• Duration. Here is where a big paradox comes into play. The PM can ask for durations only to the extent the PM is willing to run cover for the SME. Again, it’s about the trust. Once I commit to addressing the politics of holding the schedule together the SME can be challenged to give as realistic a number as possible.

All of this information can be rolled up into a realistic project plan. This includes pointing out where things are stable and where the company has a certain part of its anatomy sticking out the window! Notice, I said “realistic” not necessarily “doable.” You’ll be able to gauge what you can do with what you have in the given risk…er…assumption environment.

The next blog will look at managing the next step in dealing with task duration, schedule, and politics – managing upward in the organization –  and put this information to work.

Vigilance on the project manager’s (PM) part is critical to addressing organizational fatigue. In line with that one behavior the PM can display falls under #8 of Covey’s Seven Habits of Highly Effective People: Sharpen your saw.

This habit is about building a sustainable process. Sustaining can be very challenging in fatigue situations. You may not be able to avoid it completely but you just might be able to lessen its effect.

Sharpen Your Saw

Let’s take a look at what the PM and team can do. Below are some tips I’ve learned over the years.

  • Breathe. This is probably the single most important activity. It symbolizes letting go of reactivity. Reactivity causes narrowing of one’s field of vision, near-sightedness, deafness, and the inability communicate. Stepping back from the situation and breathing helps re-establish connection with and between team members as well as raising awareness. Awareness is vital for seeing just what is happening. Proactive opportunities become visible.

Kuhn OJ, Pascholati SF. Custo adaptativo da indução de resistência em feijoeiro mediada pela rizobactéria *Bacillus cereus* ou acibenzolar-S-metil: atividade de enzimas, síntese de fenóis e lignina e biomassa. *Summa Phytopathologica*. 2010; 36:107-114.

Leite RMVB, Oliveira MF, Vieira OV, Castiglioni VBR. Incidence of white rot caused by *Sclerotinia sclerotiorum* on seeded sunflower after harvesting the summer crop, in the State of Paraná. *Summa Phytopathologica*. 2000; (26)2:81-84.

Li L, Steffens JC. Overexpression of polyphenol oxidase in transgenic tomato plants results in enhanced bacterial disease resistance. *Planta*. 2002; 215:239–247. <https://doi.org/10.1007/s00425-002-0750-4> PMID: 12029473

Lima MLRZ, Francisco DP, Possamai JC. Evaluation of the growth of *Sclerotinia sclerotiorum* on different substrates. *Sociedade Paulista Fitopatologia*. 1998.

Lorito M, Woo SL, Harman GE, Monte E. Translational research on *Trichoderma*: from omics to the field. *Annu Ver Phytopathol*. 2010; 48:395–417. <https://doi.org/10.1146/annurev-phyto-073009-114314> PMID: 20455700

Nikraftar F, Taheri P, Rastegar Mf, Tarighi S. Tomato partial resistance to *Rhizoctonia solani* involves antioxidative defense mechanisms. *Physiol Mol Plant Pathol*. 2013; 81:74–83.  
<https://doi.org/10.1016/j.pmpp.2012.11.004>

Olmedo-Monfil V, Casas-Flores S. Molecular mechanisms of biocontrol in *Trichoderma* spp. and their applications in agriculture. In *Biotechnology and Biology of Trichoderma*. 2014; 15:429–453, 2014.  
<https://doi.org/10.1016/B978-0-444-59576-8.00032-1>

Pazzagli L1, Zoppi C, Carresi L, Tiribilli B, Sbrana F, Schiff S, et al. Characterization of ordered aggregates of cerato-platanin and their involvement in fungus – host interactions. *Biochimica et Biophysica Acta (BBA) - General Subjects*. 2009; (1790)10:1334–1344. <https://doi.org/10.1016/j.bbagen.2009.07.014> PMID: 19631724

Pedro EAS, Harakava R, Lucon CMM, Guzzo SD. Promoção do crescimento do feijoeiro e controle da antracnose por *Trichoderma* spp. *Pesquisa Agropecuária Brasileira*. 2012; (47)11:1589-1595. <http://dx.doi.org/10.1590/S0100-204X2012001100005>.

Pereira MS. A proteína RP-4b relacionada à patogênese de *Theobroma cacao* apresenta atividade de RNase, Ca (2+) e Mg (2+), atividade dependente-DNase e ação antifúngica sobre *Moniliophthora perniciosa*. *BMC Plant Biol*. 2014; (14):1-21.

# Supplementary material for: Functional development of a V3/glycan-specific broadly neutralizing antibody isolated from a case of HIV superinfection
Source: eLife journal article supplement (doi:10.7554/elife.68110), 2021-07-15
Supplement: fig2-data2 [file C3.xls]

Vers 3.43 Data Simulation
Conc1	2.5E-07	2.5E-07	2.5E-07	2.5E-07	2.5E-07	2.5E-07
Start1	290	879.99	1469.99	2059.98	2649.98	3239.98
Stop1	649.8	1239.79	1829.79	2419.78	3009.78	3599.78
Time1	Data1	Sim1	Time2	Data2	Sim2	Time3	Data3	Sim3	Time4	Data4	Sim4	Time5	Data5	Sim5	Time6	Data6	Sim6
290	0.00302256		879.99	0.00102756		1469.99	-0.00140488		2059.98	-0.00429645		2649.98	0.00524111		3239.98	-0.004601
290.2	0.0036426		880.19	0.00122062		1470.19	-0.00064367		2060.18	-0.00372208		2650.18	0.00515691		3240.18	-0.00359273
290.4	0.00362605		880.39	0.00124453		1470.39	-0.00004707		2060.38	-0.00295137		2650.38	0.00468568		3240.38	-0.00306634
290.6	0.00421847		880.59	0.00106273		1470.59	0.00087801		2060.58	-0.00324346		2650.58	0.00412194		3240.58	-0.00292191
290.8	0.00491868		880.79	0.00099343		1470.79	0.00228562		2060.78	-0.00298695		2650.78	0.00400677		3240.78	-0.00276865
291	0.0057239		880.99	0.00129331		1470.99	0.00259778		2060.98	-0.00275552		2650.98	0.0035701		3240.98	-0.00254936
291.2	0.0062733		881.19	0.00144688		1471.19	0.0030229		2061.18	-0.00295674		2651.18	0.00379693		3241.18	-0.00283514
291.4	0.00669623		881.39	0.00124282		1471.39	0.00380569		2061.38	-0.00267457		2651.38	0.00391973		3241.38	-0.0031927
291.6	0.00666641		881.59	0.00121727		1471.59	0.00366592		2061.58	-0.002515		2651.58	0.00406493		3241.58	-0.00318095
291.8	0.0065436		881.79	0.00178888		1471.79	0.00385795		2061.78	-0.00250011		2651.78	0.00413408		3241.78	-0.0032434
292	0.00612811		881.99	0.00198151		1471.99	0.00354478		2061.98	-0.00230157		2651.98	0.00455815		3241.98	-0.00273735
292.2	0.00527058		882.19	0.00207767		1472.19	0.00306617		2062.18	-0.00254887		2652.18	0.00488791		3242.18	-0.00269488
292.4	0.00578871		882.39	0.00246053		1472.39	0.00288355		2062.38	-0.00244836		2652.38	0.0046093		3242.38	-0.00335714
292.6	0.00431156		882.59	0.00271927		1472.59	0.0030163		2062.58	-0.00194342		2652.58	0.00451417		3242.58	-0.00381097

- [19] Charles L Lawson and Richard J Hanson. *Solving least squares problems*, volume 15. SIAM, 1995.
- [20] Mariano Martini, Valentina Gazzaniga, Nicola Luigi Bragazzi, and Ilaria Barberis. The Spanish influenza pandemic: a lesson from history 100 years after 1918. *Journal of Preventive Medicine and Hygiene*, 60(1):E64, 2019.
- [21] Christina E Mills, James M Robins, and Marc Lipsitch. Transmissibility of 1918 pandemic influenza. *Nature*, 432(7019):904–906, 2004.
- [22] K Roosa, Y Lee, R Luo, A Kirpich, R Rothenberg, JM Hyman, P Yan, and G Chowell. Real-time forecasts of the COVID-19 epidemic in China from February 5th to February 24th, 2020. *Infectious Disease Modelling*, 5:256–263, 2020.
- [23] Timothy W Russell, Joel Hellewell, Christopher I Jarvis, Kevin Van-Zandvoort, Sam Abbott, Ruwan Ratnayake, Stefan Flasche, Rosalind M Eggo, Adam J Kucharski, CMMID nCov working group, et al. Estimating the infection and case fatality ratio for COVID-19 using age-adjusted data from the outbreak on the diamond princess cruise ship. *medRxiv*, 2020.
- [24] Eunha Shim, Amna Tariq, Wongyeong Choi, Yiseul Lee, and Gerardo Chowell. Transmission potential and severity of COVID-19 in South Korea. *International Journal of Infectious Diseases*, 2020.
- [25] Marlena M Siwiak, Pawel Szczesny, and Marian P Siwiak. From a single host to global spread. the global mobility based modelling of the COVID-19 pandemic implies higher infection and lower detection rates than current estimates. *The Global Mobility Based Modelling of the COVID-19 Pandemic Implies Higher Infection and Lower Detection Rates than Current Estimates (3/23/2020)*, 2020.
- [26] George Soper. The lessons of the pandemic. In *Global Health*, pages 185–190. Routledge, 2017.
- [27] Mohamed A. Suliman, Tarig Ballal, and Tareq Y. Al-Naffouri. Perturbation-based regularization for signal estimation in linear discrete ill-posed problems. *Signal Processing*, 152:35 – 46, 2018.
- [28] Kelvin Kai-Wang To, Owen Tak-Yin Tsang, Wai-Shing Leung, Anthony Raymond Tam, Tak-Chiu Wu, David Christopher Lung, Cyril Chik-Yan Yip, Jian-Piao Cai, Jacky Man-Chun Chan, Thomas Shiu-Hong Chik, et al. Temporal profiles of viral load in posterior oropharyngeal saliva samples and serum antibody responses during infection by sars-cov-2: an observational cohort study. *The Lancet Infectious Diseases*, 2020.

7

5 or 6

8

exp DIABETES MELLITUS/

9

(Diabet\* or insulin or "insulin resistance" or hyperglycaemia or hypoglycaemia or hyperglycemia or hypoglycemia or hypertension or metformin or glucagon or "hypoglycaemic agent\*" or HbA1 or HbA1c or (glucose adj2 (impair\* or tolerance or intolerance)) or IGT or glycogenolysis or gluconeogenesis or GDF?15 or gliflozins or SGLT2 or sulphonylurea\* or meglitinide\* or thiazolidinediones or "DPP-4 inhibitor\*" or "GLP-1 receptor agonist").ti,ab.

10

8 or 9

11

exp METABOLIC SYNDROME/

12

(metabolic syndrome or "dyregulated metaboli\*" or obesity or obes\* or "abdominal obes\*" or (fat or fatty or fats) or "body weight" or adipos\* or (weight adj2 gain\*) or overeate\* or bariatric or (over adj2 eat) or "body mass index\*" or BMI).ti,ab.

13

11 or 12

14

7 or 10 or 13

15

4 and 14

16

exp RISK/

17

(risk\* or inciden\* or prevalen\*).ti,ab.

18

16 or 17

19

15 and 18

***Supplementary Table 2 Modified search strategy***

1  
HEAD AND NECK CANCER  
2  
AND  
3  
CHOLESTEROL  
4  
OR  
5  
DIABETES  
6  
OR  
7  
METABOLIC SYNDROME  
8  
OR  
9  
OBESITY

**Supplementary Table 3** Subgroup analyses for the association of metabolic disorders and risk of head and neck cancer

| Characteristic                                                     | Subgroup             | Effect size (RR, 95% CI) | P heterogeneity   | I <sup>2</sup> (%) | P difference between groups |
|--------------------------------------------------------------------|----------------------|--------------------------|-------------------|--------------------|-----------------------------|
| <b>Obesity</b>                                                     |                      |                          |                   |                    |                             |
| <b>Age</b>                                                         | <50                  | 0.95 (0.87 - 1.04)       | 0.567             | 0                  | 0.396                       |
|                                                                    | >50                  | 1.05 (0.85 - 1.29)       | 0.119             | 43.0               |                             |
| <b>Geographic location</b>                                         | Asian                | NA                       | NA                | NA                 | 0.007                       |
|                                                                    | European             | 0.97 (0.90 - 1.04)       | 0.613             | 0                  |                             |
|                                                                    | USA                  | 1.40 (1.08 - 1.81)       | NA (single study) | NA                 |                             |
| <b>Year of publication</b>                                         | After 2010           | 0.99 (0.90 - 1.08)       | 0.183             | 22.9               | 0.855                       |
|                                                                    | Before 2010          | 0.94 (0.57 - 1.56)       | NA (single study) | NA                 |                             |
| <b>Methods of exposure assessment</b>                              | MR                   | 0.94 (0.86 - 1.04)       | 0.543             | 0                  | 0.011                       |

• Regular Risk Reviews. The team needs to be grounded in order to proceed successfully. Interdependence is vital. Regular risk review sessions covering threats, opportunities, problems, and windfalls helps the team stay connected and re-orient as the environment shifts. (In the next blog we will look at how this rolls into creating realistic schedules and dealing with project politics.) If things are really difficult, a 15-20 minute teleconference/meeting each morning can go a long way towards maintaining cohesiveness on the team and maintaining direction.
  •  Bring in Fresh Eyes. Ask a trusted individual to sit in on a few meetings simply to state what they see. This can help team members pull their face out of the mud, which was pushed there by the organizational fatigue.
  • Pizza and Coke. Take the team out and give them a chance to kick back. It helps with breathing.
  • Restate Quality Goals. Reminding people of why they are on the project along with hearing their version of what they are trying to accomplish will help quite a bit. This activity ties into the risk review quite well.

The importance of this is reflected in one event from Monty Python’s Twit Olympics – the 100-yard dash for the spatially disoriented. When the gun went off everyone ran 100 yards as fast as they could in different directions! Everyone listening to each other state the quality goals will help the team maintain proper orientation.